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Smoking could lead to sight loss, warn optometrists
The Association of Optometrists (AOP) has issued a warning that millions of smokers are risking their eyesight by continuing to smoke.
In conjunction with its new Stub It Out campaign, AOP released a poll which found only one in five people are aware that carcinogens (chemical-causing chemicals) from cigarettes can worsen pre-existing eye conditions and can even cause new ones. In contrast, of the 2,000 adults who responded to the survey, 76% knew of the link between smoking and cancer.
96% of optometrists surveyed say they examine a patient every month who has eye disease that they believe is the result of smoking. Annual figures from the Office for National Statistics show that there are 7.4 million people in UK who smoke. Over half (61%) of them have expressed that they want to quit.
Smokers are three times more likely to suffer from age-related macular degeneration, a condition that affects central as well as peripheral vision. And those who smoke are sixteen times more likely to develop blindness caused by optic neuropathy, where the blood supply to the eye becomes blocked.
For those with diabetes, smoking can make sight problems caused by the condition worse by damaging blood vessels in the retina. Smoking is also one of the risk factors for insulin resistance, which often leads to type 2 diabetes.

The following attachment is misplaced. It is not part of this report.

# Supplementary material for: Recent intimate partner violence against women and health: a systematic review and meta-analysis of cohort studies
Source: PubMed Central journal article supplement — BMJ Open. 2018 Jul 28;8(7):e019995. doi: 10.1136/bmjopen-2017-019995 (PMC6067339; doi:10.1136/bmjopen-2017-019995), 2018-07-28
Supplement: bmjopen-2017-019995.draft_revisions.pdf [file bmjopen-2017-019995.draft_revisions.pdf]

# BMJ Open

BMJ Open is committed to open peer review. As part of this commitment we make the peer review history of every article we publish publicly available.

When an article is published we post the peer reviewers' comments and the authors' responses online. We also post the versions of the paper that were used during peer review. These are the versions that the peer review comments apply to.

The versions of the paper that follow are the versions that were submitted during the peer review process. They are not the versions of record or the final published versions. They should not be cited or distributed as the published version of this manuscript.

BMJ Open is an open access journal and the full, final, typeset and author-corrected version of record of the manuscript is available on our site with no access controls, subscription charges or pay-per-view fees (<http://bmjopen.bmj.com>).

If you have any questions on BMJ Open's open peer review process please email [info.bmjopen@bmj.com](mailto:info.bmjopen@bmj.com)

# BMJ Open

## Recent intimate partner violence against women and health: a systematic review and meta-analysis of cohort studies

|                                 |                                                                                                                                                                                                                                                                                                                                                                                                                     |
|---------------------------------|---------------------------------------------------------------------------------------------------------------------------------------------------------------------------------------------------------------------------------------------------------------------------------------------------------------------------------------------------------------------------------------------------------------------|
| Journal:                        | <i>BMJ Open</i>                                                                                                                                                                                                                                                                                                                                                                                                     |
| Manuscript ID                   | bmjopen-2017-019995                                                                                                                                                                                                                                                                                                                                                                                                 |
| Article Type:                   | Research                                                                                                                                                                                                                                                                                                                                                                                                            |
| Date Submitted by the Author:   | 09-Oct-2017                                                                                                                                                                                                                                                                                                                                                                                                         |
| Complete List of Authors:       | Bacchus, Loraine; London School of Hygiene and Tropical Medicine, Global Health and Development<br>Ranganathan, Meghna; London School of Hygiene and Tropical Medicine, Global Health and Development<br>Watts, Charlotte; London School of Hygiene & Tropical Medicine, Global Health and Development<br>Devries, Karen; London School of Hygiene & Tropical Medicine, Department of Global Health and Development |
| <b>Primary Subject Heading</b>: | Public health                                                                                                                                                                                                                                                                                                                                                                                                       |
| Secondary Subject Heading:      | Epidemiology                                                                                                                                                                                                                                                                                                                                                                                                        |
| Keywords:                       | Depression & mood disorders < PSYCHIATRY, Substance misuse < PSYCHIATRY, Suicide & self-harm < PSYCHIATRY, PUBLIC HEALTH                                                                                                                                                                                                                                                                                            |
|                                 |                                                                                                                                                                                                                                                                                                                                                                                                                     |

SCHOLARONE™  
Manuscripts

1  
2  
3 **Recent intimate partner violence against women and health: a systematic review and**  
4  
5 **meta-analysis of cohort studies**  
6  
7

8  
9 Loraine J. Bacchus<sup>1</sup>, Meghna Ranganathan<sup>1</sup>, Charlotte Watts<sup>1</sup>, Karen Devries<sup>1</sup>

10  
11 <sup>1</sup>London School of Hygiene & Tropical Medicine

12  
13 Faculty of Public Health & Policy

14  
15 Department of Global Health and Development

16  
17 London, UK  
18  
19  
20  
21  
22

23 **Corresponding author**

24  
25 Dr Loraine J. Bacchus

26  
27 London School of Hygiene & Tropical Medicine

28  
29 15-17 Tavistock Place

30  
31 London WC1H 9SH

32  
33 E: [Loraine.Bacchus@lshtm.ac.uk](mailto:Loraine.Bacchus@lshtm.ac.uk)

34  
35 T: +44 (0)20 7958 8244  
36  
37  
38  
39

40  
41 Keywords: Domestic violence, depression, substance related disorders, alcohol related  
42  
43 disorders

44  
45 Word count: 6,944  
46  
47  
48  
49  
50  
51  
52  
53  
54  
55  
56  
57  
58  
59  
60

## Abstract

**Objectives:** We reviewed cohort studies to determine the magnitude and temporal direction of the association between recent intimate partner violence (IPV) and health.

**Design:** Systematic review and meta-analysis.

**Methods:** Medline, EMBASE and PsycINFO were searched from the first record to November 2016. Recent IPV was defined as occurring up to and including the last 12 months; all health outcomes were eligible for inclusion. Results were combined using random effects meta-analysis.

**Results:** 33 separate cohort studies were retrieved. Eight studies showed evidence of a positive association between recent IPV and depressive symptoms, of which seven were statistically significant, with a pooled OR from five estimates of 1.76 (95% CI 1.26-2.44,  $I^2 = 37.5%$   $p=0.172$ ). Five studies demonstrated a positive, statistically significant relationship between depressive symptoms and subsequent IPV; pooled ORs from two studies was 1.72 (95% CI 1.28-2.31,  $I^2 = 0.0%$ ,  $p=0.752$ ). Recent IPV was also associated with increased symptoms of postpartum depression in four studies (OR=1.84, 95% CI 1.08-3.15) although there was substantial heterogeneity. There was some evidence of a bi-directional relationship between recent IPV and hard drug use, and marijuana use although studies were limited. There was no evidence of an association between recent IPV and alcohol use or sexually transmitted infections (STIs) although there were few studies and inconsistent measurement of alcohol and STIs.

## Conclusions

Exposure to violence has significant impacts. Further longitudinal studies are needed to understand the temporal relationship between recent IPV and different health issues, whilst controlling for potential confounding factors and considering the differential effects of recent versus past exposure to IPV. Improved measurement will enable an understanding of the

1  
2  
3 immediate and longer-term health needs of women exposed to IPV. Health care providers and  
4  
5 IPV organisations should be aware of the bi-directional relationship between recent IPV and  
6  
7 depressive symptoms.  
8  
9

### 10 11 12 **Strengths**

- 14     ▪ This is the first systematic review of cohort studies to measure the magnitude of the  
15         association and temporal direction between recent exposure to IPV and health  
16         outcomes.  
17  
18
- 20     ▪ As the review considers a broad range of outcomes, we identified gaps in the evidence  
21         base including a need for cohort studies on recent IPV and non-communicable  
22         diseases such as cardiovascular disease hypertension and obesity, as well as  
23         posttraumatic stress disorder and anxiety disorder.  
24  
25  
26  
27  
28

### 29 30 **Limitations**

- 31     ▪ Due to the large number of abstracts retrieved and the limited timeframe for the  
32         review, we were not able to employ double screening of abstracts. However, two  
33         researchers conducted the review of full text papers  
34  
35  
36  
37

The AOP is urging the public to reconsider their smoking habits, emphasising that it is never too late to quit.
Optometrist and AOP head of clinical and regulatory, Henry Leonard, said that having regular eye check-ups with a specialist can identify any problems and they can advise on managing early symptoms before they become problematic later in life.
"There are of course numerous health reasons to stop smoking but we hope that highlighting these additional risks will give many smokers who are considering quitting that last little push. Whether you are a smoker or not, it's important to visit your optometrist regularly to have a full eye health check - so any conditions can be identified and treated early."
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